In the summer of 2008, I traveled to Canada with my family. We have enjoyed several visits to the Canadian provinces. Our neighbors to the north are ceaselessly polite and pleasant and the landscape is second to none. On this particular trip we went to Nova Scotia. Nova Scotia was beautiful and I got a lot of resource material for future paintings, but (true confession #1) this trip devolved into what we refer to as the helliday. My brilliant husband planned way too much driving for this trip. We clocked in much more time in the car than we ever had out in nature. Our feet rarely touched terra firma. This prompted much consternation from my then nineteen-year-old son, and frankly I was none too happy either. That said, the first part of our trip was devoted to the lovely small fishing village of Digby. The steel blue of the water was different from the water in areas closer to home. Although expansive, looking at it evoked feelings of melancholy in me. I am described by many as relentlessly upbeat. That said, I actually enjoy reflective moods.
At the urging of my pastel students, who requested reflections as a subject for a demonstration, I chose one of my many photographs from Digby. This image was taken in the morning. I was moved by the calm waters and the interesting cloud formations, as well as the slight mist rising from the water. Ultimately, the fact of the matter is that I had a gut feeling about the image and my memories of that early morning in July. This gut feeling prompted me to want to paint this scene.
The challenge for this particular piece was in keeping a limited, monochromatic palette. I wanted to maintain extreme subtleties and a minimalist approach to the piece. I tend to often take a bolder plan of attack. I always start with a black and white sketch before beginning the painting to be sure that the composition is working. This saves a lot of time once I begin painting. To set the stage, I started with a monochromatic watercolor under painting. which was completed during the demonstration for my students. I always have to brace myself before doing a demo never knowing what the results will be. In other words, I am a bit nervous painting in front of others. (True confession # 2)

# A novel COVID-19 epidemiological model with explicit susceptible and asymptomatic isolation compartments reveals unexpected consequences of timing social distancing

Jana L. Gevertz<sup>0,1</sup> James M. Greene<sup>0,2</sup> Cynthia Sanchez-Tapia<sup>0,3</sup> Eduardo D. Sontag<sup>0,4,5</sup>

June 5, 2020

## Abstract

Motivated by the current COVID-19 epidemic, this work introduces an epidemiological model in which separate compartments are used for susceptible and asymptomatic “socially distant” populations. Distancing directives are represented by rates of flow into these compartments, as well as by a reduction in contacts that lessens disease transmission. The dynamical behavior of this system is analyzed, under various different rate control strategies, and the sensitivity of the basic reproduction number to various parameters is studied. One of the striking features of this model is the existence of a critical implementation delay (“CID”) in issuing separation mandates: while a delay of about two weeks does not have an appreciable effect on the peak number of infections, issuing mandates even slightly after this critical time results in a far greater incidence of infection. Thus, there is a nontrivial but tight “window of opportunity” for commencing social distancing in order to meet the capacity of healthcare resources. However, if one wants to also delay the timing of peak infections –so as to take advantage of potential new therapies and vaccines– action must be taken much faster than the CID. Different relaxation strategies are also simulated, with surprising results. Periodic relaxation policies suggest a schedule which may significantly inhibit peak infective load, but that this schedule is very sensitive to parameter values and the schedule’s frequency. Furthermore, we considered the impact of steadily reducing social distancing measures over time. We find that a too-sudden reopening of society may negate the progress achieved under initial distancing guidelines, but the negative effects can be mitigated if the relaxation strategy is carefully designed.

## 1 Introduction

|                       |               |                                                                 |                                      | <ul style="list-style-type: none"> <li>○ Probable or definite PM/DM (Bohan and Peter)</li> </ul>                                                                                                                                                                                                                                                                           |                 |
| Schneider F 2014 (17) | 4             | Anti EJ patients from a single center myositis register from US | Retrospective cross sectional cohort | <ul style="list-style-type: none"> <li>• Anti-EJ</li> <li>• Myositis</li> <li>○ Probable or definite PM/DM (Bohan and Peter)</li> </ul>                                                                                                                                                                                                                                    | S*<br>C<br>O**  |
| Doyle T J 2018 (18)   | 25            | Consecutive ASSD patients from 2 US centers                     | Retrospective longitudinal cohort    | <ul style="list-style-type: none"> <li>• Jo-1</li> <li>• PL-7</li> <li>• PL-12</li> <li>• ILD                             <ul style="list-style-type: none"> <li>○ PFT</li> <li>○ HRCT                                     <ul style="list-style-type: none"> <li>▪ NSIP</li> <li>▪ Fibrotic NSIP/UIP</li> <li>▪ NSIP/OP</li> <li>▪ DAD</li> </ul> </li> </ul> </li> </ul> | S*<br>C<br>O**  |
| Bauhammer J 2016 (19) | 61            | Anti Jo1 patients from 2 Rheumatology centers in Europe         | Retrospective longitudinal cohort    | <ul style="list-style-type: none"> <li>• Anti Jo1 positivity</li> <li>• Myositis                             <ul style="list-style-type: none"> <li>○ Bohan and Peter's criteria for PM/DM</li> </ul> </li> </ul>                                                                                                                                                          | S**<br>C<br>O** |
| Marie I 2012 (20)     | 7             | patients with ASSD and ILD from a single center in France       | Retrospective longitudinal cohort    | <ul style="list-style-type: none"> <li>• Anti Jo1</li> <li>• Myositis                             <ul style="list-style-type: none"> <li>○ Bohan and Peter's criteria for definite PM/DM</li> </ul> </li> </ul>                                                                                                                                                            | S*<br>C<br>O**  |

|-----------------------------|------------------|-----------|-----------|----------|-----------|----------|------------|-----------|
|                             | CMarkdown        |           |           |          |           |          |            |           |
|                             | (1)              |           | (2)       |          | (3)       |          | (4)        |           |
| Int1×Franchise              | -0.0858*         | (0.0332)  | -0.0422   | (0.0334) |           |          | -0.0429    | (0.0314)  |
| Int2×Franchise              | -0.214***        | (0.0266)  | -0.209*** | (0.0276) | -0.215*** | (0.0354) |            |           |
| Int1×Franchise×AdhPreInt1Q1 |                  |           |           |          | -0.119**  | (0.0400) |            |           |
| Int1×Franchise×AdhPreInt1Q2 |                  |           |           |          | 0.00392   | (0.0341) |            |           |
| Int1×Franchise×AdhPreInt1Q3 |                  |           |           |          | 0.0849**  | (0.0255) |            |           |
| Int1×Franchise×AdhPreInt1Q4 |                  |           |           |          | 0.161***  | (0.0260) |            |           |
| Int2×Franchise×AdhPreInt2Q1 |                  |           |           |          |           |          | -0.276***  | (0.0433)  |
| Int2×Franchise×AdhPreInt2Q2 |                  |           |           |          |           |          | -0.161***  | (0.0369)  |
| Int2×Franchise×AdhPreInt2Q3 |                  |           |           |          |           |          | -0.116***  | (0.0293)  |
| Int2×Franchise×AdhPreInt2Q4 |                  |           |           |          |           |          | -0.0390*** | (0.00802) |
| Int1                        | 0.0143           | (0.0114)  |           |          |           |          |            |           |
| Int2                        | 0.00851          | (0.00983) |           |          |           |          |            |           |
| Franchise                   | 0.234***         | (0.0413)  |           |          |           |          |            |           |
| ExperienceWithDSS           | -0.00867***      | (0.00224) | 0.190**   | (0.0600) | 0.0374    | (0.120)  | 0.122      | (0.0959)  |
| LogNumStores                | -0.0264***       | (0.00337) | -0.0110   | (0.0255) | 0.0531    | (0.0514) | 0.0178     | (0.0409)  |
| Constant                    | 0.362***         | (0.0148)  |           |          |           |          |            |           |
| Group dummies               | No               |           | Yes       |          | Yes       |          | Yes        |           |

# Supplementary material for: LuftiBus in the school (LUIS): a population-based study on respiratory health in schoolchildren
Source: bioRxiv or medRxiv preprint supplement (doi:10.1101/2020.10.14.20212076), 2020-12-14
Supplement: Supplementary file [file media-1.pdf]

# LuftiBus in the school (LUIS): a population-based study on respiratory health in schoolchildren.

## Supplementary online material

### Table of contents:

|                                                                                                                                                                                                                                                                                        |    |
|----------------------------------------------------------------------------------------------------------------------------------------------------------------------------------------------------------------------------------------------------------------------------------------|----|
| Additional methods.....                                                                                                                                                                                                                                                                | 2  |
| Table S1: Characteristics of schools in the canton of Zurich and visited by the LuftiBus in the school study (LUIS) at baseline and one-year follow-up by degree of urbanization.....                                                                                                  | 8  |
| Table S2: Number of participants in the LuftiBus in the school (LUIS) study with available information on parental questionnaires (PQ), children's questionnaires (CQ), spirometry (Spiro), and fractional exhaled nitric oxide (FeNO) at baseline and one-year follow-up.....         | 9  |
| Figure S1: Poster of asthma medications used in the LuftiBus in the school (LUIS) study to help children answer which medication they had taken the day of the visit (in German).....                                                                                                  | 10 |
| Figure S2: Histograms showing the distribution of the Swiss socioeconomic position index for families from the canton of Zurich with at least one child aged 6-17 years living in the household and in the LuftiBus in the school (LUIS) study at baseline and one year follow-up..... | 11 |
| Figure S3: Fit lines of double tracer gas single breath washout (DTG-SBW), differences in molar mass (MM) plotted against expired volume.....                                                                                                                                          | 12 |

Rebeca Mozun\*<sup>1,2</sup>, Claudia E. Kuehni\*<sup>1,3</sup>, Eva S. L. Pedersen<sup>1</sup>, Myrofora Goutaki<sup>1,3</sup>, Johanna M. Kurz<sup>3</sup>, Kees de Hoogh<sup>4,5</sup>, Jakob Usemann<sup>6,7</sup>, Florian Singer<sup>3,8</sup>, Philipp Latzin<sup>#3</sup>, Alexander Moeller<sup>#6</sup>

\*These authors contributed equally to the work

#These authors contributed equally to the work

After the watercolor dried completely, I began placing areas of pastel judiciously on the painting surface. I often describe this method to my students as thinking twice and painting once. If I cover the watercolor with pastel, there is no going back to the watercolor. As a result, I want to be sure that I am pleased with the pastel placement.
At a certain point, I was frustrated to discover that I wasn't comfortable with the direction that the piece was taking. I felt that the composition was failing (true confession #3). This issue had to be remedied. A slightly darker value to the lower left hand corner of the piece would solve the problem. In order to do that I added pastel to that quadrant. Immediately, nausea set in when I realized that I HATED the way the pastel looked. In a bit of panic, since I needed to leave the studio for an engagement, I hurriedly brushed the pastel from the surface and dabbed the offending area with a kneaded eraser... still hideous. Not satisfied, I snatched the painting from the easel, grabbed my water bottle, poured water in a plastic cup and started wetting the area with a paint brush... still hideous. With nothing to lose, I started frantically dabbing the wet surface with a paper towel. I left the studio sure that I needed to admit failure and scrap the piece while I kept reminding myself that this would be a learning experience for my students.
It was with mild trepidation that I gingerly tiptoed into my studio to discover that I wasn't nearly as disappointed with the piece as I had originally thought. In fact, I felt with a few more touches it would be fine. I don't know what happened overnight, but clearly stepping away was a good thing. Here is the end result. Yipppeee!
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